That’s not quite true. Butler had a chance to upset the Tar Heels, but only if Friday’s game took on a very specific, ugly-as-the-2011-national-title-game kind of a vibe. The Bulldogs just don’t have the talent to hang with North Carolina, and their only hope of winning was to get back in transition and clog the paint on defense, hit a ton of 3s, hope Carolina was cold from deep, and try not to get obliterated on the boards. Butler failed at every one of those tasks, which explains why UNC’s 92–80 win was never in doubt.
3. I want to inject South Carolina’s defense into my veins.
When I played at Ohio State, we used to do a drill that I assume many programs around the country do as well. It’s basically playing four-on-five in favor of the offense. The offensive team had rules that prevented it from setting certain types of screens and that dictated how its players had to be positioned, and the drill essentially turned into the defense trying to stop one penetrate-and-kick sequence after another. If memory serves, we called it “scramble.” And even if that’s not what the drill was called, that’s how I’ll always remember it, because within two seconds of it starting, the defense would devolve into utter chaos. Picture the ball flying over the gym, from one open guy to the next, and four defenders running around like their nuts are on fire as they attempt to cover an impossible amount of ground.
In what should come as no surprise, the offense would often score on the shorthanded defense rather easily. But when the right combination of talent, athleticism, and chemistry were in those four defensive spots, a strange thing would happen: The defense would be so good that adding a fifth player to even things out somehow made it worse. And that was the point of the drill: Finding a group that could harness the chaos and use it to its benefit so that it didn’t even notice when it was down a man.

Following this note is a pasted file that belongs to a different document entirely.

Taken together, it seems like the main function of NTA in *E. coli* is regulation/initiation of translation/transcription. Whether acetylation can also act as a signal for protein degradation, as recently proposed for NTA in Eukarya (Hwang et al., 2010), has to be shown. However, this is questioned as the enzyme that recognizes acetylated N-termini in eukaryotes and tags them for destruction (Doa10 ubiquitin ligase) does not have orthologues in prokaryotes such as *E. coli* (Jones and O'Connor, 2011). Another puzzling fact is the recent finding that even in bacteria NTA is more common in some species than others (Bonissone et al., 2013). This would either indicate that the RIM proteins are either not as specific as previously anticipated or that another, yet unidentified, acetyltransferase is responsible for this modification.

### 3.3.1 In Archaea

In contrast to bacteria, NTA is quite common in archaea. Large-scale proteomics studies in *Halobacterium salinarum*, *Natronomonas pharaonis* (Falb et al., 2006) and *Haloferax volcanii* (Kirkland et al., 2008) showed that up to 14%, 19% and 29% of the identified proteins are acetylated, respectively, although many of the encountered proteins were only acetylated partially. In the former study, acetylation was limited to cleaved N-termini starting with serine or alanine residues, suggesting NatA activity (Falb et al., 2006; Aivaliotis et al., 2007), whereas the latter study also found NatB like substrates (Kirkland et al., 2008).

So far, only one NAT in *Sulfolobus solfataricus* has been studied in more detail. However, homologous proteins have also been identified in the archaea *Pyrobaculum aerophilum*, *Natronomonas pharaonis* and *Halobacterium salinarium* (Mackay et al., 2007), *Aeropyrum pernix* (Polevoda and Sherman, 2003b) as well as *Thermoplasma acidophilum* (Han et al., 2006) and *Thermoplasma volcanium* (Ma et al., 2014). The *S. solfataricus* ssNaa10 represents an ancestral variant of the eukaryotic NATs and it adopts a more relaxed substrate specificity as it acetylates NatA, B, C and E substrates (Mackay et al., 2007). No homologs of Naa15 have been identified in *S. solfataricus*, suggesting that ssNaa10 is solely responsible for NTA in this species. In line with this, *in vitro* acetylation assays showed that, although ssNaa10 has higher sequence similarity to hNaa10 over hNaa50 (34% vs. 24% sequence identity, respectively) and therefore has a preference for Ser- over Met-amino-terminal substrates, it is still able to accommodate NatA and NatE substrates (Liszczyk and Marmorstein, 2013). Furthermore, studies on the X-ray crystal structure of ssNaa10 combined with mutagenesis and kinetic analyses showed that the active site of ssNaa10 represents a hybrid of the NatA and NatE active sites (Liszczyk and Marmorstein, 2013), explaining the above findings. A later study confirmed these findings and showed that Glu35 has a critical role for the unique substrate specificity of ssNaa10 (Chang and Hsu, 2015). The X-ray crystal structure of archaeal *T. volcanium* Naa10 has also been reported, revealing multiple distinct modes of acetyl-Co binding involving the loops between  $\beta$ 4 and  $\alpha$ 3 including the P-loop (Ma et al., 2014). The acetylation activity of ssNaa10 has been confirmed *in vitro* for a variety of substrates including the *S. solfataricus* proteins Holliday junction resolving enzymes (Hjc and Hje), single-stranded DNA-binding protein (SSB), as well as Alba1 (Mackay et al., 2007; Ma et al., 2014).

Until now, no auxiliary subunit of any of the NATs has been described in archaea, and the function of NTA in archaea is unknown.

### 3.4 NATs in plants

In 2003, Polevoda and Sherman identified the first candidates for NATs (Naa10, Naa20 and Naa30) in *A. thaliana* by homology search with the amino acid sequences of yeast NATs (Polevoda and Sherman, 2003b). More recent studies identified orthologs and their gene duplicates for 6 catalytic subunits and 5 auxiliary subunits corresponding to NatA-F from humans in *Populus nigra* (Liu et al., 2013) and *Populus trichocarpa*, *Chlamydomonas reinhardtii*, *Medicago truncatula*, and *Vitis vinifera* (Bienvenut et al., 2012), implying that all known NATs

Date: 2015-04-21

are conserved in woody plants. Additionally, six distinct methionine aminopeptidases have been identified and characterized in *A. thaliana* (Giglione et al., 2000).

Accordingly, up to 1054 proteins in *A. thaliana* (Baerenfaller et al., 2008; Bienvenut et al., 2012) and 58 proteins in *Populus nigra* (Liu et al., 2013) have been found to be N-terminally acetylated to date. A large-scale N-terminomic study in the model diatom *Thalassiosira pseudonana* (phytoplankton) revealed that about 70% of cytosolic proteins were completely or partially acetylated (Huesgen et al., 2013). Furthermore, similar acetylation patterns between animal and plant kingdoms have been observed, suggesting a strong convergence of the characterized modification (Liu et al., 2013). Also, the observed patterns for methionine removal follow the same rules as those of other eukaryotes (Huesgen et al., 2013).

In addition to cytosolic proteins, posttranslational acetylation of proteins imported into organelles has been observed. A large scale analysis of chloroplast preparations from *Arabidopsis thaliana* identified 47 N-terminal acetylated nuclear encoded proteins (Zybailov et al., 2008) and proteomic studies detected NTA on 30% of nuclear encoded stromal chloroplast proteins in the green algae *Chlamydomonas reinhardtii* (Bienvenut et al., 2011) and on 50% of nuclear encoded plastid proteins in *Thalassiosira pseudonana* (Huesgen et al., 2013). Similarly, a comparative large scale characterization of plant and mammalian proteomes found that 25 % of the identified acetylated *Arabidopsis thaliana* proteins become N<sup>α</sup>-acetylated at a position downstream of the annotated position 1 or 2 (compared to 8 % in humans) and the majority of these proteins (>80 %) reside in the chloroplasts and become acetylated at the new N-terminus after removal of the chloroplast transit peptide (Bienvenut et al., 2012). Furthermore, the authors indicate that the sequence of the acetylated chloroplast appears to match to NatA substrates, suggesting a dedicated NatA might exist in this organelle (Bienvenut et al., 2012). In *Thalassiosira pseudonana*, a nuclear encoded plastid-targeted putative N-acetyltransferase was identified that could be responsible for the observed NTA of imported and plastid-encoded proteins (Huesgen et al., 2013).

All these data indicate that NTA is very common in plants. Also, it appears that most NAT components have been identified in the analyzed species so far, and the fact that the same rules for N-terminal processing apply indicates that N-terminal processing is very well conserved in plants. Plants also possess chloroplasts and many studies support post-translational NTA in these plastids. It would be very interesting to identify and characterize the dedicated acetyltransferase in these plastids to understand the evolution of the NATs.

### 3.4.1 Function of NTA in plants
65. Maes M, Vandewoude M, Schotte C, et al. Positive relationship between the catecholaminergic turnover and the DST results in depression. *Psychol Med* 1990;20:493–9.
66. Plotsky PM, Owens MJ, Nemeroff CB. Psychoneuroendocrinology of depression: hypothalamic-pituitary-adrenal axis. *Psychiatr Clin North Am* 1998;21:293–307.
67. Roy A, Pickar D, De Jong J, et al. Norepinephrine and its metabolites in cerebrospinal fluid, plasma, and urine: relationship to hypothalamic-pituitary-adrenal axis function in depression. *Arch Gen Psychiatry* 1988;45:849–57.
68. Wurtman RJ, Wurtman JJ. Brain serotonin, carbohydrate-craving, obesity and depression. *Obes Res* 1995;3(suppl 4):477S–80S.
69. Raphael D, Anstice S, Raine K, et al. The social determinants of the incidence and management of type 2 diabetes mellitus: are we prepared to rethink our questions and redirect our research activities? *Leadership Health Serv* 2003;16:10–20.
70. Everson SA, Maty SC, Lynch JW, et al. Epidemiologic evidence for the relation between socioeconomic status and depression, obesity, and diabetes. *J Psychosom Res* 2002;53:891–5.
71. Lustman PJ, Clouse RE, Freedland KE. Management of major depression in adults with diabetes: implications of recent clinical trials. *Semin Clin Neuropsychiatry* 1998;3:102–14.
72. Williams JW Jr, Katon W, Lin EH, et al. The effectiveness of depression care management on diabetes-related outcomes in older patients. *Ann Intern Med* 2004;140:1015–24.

It’s a simple drill, but it hints at the kind of thing that separates a good defensive team from a bad one. Every team can stop any offense’s initial movement. The good defensive teams are the ones that can slide over to stop a drive, help the helper when the ball is kicked out, rotate accordingly, and then do that over and over and over during a single possession. In other words, the good defensive teams know how to harness the chaos.
That’s what South Carolina did against Baylor on Friday. The Gamecocks were TERRIFYING with their physicality and aggressiveness, flying all over the court in a 70–50 win. But it wasn’t just their activeness that made their defense suffocating. It’s that they played with reckless abandon … and then also rotated, helped each other, got back in position, closed out to challenge shots while cutting off penetration, disrupting passing lanes, and refraining from biting on shot fakes. Oh, and on top of that, they occasionally switched defenses, making it just as difficult to beat them mentally as it is physically.
It’s easy to make fun of Baylor for seemingly reenacting West Virginia’s final possession against Gonzaga every time it went down the floor. But at the same time, what was it supposed to do? This wasn’t the first time South Carolina made a decent offense look terrible and, at the rate it’s going, it doesn’t feel like it’ll be the last. If there’s such a thing as a defensive heat check, the Gamecocks have one going right now, which is why a national title suddenly feels plausible. So in light of South Carolina humiliating Baylor (but the Bears having a reasonable excuse given that the Gamecocks also gave Duke and Marquette’s offenses fits), a burning question lingers: Is Scott Drew a good coach?
4. De’Aaron Fox ate Lonzo Ball’s lunch.